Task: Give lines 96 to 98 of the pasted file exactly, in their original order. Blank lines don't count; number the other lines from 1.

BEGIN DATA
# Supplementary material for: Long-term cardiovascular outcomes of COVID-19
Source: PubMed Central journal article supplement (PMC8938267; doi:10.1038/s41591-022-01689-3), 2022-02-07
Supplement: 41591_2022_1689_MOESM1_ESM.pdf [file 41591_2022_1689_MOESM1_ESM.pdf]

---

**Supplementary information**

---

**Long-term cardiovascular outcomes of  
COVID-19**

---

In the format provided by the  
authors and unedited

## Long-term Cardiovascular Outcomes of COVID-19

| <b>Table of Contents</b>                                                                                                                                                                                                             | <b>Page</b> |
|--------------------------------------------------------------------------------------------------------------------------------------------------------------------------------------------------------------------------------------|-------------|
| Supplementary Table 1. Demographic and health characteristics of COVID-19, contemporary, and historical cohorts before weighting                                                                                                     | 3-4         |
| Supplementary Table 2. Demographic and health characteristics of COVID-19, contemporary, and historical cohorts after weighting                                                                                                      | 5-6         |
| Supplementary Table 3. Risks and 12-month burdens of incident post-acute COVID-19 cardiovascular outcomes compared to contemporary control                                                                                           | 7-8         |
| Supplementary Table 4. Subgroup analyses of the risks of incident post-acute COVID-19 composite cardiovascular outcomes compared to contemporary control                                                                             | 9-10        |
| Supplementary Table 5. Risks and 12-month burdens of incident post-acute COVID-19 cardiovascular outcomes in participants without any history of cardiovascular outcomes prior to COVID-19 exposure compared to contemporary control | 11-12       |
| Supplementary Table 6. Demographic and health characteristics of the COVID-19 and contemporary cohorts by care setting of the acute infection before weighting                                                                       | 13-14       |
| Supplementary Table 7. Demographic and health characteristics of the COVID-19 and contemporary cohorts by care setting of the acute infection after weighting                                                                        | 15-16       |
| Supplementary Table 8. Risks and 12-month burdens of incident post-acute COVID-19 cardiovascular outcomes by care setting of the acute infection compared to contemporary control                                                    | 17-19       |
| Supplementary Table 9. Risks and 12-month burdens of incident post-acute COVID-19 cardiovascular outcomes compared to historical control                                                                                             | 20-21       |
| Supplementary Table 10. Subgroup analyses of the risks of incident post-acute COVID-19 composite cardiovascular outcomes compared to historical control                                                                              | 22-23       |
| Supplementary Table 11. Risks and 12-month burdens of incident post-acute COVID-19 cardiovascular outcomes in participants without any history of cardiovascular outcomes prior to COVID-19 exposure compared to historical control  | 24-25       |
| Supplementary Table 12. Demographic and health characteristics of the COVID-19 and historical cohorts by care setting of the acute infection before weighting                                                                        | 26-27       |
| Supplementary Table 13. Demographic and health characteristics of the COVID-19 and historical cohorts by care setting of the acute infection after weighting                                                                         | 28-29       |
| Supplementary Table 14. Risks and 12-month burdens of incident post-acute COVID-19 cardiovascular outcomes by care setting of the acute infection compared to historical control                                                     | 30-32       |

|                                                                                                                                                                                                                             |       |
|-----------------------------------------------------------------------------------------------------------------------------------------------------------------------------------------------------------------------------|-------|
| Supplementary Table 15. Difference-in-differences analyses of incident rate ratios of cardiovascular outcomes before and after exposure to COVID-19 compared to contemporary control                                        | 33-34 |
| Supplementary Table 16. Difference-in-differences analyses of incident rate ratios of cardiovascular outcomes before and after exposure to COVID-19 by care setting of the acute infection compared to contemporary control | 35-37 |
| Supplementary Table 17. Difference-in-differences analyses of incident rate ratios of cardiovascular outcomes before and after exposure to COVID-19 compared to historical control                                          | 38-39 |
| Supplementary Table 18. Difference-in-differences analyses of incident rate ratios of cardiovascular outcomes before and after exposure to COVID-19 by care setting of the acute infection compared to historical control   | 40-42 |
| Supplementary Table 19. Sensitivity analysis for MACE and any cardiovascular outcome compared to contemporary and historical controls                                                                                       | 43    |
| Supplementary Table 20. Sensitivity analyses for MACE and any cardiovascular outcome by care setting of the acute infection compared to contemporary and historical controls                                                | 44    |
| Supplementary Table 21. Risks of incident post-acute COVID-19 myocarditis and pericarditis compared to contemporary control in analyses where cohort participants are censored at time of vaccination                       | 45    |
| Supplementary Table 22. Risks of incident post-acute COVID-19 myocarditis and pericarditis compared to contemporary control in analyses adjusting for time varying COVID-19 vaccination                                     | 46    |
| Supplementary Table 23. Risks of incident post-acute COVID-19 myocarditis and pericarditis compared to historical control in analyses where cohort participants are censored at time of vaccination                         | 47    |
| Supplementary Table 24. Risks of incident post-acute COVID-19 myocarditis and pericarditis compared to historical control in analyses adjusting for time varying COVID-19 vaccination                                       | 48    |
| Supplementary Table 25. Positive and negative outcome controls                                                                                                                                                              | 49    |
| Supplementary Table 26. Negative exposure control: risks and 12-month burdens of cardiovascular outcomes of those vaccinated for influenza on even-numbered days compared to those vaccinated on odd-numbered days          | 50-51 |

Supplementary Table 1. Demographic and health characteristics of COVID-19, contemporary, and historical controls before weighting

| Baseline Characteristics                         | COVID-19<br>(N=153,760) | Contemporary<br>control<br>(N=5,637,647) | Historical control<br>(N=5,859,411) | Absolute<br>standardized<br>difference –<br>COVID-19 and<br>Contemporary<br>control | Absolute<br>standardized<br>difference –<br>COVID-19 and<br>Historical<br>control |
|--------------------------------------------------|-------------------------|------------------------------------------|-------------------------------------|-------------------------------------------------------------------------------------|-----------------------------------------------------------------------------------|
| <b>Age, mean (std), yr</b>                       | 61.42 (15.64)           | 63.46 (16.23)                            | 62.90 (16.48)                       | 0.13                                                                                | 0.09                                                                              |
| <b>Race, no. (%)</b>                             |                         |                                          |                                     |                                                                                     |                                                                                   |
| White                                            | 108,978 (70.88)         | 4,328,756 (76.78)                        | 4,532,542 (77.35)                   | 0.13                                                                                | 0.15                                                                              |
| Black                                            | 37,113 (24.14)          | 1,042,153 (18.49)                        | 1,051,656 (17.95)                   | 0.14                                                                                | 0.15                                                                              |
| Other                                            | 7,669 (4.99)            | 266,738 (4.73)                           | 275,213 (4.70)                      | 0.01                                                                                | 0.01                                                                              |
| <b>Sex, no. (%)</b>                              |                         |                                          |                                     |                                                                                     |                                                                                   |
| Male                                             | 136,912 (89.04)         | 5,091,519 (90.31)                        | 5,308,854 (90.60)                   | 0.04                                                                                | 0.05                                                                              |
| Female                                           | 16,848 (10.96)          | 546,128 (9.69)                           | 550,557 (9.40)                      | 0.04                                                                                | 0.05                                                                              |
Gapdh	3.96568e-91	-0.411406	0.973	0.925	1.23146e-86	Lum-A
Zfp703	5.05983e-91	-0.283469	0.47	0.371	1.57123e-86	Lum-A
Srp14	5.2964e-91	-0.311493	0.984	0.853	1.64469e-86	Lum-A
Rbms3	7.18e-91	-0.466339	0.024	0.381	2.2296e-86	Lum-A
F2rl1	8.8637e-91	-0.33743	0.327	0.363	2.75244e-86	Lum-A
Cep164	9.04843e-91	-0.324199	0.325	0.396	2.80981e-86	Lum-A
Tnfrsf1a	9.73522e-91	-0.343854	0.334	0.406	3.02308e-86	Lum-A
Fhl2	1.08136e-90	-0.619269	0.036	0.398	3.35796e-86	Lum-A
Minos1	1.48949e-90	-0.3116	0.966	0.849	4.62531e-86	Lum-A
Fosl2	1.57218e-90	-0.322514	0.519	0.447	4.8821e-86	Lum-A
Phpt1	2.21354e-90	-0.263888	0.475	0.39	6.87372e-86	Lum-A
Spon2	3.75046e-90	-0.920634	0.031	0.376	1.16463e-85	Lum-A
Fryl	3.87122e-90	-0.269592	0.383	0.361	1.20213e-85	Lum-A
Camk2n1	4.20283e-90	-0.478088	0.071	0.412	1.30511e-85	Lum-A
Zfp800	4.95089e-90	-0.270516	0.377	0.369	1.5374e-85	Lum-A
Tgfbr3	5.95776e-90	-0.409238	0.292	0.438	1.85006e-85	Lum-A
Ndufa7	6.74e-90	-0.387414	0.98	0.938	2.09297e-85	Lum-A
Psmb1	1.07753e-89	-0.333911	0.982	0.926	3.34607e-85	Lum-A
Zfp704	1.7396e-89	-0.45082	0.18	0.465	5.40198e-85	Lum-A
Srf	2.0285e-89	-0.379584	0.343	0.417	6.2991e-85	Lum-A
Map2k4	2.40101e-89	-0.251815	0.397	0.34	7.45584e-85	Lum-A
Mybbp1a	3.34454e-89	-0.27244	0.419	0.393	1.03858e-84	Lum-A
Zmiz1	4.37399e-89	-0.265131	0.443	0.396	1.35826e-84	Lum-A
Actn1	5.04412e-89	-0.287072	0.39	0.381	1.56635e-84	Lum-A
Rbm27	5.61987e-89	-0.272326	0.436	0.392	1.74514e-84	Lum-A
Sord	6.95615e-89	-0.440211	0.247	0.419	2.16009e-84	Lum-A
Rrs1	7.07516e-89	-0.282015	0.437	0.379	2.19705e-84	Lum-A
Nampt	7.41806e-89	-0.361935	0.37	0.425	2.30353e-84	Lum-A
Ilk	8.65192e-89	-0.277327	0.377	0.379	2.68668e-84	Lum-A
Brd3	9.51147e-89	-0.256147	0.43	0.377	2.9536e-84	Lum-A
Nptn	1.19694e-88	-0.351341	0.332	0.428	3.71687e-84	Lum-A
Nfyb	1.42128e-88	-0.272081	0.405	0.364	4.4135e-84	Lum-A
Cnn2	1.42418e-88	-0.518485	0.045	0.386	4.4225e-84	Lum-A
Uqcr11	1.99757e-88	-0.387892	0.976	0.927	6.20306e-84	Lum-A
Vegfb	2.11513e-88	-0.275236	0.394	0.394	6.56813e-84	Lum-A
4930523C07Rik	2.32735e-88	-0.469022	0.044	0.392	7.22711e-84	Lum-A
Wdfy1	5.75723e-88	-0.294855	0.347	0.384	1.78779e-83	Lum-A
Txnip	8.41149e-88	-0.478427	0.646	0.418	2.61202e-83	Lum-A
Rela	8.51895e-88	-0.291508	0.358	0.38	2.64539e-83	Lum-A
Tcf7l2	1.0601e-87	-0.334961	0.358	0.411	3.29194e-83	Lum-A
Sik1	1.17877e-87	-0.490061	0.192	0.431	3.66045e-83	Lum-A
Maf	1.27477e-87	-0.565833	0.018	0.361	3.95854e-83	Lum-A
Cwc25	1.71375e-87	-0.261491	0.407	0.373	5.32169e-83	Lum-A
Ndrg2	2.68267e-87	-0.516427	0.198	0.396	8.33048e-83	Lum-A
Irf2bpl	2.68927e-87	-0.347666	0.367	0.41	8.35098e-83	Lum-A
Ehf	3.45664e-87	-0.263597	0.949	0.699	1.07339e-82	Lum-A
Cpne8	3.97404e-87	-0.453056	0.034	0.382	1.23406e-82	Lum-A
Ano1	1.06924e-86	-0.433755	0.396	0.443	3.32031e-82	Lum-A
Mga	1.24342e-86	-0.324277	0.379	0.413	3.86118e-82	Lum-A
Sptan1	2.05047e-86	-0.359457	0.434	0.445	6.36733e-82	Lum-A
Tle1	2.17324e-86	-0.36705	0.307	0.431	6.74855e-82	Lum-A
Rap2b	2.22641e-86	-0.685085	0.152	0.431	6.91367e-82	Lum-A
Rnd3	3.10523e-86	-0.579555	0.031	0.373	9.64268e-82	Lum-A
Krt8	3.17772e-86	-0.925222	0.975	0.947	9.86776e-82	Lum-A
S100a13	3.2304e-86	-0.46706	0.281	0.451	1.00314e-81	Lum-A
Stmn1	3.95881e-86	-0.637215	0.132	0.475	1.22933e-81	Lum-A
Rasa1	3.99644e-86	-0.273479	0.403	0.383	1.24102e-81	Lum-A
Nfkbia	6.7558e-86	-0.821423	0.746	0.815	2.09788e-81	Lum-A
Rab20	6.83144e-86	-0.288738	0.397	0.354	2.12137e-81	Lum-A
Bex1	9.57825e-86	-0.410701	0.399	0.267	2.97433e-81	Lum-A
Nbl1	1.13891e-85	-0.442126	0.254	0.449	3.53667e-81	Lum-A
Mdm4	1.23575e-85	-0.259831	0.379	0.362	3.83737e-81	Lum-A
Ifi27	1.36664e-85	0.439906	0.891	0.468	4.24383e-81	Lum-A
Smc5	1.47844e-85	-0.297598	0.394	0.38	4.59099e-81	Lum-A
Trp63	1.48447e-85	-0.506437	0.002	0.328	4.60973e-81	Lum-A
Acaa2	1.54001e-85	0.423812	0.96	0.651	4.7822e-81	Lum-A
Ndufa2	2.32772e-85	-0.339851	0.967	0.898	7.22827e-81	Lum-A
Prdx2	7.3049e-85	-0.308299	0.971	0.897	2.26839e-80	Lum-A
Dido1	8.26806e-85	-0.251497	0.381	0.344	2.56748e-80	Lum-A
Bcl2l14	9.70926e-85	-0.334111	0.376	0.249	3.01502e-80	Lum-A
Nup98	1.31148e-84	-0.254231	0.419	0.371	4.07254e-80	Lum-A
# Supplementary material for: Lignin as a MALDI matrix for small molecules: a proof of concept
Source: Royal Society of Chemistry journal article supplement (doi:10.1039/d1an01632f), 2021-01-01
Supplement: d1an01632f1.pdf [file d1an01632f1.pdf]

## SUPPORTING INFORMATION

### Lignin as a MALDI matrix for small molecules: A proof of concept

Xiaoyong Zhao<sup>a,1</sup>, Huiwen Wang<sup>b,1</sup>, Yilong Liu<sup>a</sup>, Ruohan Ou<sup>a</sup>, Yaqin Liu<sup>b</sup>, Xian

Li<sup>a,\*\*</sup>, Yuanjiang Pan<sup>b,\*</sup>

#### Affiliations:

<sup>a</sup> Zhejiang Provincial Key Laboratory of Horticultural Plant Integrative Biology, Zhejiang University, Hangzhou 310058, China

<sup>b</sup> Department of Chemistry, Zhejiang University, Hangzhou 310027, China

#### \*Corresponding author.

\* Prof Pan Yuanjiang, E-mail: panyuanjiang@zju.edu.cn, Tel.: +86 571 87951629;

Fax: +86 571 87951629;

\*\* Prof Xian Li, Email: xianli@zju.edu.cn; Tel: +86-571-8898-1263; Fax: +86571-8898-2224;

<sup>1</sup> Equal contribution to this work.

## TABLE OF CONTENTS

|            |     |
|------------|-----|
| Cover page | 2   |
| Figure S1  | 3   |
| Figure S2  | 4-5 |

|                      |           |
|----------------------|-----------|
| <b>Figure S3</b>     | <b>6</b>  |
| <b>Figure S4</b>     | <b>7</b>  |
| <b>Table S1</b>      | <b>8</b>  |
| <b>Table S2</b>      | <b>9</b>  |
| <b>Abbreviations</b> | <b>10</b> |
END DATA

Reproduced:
Cwc25	1.71375e-87	-0.261491	0.407	0.373	5.32169e-83	Lum-A
Ndrg2	2.68267e-87	-0.516427	0.198	0.396	8.33048e-83	Lum-A
Irf2bpl	2.68927e-87	-0.347666	0.367	0.41	8.35098e-83	Lum-A